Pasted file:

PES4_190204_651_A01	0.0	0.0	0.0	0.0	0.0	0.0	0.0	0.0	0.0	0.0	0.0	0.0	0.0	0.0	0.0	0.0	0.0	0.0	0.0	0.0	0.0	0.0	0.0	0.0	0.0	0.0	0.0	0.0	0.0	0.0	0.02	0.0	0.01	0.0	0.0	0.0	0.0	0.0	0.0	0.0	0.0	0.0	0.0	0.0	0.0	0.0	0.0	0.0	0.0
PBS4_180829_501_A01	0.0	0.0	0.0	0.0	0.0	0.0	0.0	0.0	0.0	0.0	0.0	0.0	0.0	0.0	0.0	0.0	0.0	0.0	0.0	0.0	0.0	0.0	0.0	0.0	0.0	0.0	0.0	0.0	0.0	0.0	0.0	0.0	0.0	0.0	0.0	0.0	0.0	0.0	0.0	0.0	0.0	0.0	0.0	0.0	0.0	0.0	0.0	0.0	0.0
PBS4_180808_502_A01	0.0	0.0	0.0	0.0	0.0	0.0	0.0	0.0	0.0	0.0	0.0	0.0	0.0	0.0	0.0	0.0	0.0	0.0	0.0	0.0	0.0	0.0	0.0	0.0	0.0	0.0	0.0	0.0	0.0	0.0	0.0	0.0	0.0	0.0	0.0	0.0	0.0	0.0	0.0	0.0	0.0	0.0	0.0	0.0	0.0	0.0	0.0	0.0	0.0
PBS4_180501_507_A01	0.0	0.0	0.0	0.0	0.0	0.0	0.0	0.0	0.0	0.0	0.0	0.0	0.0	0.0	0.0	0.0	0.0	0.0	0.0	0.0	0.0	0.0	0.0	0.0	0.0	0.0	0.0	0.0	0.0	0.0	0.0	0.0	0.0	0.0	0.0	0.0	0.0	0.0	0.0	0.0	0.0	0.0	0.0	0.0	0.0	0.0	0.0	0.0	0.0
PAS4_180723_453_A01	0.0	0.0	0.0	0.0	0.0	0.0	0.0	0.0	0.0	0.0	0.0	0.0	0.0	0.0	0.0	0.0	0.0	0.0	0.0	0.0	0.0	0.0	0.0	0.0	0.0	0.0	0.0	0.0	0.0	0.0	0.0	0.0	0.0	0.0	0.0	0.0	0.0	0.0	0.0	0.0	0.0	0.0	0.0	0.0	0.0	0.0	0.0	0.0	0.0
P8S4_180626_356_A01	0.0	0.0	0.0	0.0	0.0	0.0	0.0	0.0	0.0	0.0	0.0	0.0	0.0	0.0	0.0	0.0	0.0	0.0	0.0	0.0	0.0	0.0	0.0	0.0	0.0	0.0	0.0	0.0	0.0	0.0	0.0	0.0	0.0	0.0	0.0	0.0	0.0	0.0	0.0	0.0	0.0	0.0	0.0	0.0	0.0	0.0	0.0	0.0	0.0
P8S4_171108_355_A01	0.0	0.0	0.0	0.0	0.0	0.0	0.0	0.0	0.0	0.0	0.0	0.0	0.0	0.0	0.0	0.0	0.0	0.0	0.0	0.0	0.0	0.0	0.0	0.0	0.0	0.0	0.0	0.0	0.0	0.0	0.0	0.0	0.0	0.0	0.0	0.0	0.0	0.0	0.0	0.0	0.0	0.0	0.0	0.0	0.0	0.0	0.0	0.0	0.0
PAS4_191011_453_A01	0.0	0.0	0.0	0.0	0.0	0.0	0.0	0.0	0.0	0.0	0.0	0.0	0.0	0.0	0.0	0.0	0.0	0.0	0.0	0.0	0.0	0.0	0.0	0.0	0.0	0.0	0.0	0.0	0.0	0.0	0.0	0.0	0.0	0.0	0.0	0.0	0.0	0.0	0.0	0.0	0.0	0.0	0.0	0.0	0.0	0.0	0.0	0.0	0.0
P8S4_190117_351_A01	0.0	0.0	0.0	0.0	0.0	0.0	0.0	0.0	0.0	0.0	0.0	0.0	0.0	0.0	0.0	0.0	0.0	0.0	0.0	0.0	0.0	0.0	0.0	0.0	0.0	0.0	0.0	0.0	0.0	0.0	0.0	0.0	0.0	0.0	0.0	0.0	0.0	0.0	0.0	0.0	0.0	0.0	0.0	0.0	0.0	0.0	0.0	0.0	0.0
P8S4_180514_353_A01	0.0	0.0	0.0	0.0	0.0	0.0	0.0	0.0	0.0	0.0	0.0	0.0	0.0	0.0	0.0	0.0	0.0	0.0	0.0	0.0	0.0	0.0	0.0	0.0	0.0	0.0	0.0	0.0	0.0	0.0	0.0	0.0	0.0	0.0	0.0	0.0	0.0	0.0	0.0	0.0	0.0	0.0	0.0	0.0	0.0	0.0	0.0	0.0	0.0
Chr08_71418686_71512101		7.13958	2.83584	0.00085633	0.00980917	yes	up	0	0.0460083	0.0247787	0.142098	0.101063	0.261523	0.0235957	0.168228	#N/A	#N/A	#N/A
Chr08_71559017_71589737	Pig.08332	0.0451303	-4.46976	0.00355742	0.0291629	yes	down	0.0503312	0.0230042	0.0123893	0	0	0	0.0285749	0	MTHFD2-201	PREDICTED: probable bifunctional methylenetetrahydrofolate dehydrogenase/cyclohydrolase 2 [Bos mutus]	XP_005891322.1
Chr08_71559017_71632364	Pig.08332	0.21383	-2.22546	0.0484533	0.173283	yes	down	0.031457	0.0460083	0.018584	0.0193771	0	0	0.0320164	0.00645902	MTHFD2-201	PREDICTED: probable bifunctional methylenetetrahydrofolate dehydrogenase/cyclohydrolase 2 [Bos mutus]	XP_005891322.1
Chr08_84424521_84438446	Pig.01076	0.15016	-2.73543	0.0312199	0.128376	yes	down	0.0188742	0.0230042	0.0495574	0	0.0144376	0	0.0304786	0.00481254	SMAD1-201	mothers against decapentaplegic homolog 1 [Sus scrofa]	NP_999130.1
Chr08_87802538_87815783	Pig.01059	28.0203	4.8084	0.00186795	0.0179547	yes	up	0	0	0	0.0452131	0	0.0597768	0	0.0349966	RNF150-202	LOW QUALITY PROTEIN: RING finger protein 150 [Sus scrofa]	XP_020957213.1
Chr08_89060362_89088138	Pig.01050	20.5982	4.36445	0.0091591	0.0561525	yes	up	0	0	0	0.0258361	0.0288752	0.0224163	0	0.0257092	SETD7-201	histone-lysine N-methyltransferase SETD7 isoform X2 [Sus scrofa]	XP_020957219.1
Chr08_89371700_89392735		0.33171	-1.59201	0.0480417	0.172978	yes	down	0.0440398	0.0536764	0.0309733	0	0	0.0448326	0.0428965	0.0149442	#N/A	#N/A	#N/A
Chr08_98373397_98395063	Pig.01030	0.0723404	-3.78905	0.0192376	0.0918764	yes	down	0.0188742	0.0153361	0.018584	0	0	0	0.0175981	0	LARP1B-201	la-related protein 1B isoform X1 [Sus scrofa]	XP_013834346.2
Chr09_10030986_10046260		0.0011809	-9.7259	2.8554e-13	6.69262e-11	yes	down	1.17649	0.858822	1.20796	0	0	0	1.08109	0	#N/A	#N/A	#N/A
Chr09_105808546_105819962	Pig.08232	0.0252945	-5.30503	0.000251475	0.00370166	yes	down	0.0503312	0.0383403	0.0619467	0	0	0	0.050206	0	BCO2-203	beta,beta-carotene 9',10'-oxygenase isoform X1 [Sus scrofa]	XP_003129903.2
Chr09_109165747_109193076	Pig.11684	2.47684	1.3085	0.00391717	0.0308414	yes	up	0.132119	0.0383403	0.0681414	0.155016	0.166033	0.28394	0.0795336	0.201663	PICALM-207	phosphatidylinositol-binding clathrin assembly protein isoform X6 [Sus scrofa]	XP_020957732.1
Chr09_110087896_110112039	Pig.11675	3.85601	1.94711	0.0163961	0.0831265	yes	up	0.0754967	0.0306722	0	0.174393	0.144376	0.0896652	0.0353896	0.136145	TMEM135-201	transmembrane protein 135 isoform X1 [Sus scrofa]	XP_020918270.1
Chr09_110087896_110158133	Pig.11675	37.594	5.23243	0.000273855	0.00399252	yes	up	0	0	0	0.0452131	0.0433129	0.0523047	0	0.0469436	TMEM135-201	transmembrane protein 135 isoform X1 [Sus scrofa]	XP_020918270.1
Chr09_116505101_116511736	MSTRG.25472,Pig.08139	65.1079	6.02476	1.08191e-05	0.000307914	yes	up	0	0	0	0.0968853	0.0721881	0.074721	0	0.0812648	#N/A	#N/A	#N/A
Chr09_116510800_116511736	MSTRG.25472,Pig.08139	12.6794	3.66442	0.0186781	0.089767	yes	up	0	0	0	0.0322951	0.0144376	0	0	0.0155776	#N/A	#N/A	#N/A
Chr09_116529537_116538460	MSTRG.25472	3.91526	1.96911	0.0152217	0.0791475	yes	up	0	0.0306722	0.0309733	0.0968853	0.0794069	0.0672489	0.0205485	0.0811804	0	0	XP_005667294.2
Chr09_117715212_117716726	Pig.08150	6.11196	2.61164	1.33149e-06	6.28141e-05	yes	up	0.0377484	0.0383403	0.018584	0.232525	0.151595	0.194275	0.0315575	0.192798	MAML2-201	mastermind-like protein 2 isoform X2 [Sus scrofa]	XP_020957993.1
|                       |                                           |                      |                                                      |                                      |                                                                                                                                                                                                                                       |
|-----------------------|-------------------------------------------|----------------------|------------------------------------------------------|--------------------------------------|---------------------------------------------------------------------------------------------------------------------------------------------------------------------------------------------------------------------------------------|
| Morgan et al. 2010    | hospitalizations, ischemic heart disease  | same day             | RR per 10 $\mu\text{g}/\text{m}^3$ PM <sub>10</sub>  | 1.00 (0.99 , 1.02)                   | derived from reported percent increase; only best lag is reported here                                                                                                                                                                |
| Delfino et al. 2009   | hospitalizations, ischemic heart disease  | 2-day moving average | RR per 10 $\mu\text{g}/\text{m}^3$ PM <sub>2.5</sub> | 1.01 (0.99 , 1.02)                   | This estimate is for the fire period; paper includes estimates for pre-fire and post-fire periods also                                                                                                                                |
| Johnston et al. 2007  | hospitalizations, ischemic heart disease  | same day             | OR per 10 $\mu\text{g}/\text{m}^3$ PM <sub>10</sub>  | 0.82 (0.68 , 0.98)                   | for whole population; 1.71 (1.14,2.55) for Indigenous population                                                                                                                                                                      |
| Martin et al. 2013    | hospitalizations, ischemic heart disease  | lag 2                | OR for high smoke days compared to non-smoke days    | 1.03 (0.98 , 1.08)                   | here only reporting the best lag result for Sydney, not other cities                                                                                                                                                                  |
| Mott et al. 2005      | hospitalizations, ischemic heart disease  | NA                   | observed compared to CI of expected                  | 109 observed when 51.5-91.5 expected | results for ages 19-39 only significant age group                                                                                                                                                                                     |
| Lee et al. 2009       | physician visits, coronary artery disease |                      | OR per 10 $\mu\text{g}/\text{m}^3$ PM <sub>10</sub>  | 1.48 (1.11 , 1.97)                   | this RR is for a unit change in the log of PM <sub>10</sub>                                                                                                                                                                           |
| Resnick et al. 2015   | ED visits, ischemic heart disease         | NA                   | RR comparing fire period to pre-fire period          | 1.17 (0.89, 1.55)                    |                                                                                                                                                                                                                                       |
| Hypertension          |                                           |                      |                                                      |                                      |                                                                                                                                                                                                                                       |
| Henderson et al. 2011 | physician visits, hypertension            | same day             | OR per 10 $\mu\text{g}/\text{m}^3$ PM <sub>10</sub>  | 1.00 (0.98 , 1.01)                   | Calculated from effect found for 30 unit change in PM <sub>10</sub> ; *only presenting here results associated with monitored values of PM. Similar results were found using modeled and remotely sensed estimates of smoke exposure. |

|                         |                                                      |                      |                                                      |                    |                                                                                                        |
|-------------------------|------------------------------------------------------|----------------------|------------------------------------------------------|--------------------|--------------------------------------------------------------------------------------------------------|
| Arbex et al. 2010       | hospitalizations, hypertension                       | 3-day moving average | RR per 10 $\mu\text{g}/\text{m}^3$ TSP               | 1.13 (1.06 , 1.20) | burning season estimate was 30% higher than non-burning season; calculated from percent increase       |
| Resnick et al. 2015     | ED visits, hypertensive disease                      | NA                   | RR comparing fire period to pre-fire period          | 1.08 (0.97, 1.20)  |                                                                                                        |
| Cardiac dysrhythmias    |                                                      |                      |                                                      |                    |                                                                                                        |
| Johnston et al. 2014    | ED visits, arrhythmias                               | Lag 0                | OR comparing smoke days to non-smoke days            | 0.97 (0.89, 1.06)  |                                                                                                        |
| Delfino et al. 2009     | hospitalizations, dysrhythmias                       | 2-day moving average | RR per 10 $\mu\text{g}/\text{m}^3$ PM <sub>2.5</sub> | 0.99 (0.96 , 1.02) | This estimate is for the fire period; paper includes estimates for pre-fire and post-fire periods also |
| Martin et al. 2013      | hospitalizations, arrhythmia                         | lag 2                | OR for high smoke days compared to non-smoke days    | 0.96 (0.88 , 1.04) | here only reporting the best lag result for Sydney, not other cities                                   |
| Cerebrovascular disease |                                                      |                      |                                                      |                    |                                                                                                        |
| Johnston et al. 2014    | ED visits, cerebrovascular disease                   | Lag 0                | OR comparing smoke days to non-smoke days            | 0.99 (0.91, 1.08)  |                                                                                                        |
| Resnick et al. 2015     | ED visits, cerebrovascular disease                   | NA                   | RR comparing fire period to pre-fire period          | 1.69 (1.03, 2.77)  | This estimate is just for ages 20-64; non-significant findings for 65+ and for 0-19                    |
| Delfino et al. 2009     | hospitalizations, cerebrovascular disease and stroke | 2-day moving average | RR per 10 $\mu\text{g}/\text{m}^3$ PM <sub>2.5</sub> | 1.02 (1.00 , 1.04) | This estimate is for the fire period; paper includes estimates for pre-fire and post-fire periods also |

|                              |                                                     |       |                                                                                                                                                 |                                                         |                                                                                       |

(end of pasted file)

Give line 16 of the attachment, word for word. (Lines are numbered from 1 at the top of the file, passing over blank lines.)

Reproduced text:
Chr08_89060362_89088138	Pig.01050	20.5982	4.36445	0.0091591	0.0561525	yes	up	0	0	0	0.0258361	0.0288752	0.0224163	0	0.0257092	SETD7-201	histone-lysine N-methyltransferase SETD7 isoform X2 [Sus scrofa]	XP_020957219.1